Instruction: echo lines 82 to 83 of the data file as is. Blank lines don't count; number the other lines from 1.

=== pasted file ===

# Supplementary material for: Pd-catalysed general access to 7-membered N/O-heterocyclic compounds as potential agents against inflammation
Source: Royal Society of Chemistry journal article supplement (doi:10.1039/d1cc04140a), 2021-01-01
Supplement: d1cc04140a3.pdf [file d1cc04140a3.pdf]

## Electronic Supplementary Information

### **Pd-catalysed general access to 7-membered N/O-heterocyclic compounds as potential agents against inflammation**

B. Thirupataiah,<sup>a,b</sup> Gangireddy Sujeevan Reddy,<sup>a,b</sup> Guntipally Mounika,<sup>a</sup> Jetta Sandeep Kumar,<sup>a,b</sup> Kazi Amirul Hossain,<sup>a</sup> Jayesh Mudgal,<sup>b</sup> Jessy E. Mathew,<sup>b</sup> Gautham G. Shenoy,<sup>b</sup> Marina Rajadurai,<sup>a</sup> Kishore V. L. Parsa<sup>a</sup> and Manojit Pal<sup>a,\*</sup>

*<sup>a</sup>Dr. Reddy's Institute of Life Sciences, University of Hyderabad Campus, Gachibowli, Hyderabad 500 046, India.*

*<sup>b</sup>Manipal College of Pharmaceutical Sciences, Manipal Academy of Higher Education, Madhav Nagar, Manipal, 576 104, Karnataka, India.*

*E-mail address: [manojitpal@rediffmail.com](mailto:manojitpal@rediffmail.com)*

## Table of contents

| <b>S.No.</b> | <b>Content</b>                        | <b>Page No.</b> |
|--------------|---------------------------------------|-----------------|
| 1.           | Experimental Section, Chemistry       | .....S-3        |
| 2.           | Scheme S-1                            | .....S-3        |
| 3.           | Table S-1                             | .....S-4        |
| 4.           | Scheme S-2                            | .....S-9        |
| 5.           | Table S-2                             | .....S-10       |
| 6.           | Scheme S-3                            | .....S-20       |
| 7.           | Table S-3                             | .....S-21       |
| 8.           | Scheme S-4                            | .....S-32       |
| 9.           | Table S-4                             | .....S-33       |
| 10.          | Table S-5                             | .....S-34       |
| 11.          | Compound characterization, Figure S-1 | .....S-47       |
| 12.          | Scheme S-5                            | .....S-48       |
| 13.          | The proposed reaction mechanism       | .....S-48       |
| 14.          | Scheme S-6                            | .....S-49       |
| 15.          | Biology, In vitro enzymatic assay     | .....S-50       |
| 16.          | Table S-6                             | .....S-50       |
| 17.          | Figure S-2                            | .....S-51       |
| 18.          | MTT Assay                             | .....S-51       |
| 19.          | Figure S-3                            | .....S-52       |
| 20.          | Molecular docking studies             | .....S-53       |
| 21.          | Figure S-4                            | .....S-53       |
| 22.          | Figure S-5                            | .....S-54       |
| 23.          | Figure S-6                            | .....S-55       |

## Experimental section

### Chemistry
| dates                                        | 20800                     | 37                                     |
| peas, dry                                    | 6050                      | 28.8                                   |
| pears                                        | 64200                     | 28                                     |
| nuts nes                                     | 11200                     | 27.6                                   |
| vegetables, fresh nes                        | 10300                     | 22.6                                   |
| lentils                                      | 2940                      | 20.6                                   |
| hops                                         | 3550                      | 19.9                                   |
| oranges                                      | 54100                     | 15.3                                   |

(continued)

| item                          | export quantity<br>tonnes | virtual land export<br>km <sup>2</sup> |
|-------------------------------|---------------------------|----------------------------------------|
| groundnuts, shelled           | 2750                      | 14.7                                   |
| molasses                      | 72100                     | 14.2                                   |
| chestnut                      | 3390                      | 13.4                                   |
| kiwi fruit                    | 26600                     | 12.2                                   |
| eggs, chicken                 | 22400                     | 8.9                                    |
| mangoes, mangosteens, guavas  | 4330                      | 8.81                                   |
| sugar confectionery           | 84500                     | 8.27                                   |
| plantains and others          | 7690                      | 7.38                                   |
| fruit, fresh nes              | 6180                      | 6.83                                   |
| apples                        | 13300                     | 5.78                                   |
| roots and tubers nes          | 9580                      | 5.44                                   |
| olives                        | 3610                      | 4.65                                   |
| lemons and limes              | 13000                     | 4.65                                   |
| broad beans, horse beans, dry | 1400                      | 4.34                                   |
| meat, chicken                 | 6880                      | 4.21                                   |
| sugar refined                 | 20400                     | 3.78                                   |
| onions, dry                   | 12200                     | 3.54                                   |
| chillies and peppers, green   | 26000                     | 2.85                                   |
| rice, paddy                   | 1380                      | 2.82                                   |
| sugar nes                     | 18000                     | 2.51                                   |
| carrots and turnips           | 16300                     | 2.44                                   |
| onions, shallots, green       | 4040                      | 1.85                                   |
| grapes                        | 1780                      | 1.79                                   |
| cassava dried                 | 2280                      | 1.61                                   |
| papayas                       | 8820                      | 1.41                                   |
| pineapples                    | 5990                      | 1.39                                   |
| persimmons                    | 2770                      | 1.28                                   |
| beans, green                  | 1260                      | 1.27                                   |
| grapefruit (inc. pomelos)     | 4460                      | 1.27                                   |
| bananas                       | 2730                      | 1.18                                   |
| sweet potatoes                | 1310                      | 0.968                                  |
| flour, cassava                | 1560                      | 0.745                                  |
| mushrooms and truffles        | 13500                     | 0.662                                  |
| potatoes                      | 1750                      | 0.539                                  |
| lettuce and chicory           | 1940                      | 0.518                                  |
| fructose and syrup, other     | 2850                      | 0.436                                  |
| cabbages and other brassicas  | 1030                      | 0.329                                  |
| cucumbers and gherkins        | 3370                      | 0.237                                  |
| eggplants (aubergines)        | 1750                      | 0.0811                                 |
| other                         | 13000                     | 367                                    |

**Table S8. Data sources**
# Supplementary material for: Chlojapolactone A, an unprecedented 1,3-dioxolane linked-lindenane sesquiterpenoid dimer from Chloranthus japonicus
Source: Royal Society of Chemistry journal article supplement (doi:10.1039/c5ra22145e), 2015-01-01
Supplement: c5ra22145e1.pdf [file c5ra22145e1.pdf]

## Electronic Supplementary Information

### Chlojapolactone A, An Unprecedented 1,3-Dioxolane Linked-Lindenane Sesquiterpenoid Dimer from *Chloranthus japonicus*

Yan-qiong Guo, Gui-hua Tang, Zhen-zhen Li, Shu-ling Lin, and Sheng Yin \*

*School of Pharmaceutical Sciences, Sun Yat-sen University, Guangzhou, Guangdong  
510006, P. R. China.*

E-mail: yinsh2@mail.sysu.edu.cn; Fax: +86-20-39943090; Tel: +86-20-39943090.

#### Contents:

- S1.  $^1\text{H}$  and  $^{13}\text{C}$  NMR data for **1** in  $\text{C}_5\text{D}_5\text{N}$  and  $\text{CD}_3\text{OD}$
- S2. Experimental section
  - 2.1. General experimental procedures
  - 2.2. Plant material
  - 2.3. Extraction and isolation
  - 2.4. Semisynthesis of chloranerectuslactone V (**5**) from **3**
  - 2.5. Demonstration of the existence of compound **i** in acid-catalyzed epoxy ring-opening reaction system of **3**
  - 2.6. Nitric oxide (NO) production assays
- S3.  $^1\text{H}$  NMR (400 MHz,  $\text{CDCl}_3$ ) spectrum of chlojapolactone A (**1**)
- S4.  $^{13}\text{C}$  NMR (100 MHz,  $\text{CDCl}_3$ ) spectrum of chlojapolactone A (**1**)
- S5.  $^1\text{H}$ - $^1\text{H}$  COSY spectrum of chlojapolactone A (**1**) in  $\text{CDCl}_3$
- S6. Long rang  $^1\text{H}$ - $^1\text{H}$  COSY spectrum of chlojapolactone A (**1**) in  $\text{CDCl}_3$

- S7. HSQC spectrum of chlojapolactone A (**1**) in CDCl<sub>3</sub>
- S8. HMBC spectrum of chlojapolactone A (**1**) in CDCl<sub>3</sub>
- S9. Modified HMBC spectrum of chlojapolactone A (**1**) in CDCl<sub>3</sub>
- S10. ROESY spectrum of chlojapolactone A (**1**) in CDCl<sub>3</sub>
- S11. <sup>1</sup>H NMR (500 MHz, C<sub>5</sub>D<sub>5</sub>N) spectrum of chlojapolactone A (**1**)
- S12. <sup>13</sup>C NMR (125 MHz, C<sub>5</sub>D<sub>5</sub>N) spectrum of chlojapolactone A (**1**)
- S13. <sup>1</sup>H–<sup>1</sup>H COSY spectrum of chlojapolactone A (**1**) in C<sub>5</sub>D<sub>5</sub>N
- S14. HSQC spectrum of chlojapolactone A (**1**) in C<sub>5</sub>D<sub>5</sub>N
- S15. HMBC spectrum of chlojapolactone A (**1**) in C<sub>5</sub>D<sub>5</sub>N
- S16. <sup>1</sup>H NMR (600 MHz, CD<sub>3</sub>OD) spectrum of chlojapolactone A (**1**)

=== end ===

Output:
| potatoes                      | 1750                      | 0.539                                  |
| lettuce and chicory           | 1940                      | 0.518                                  |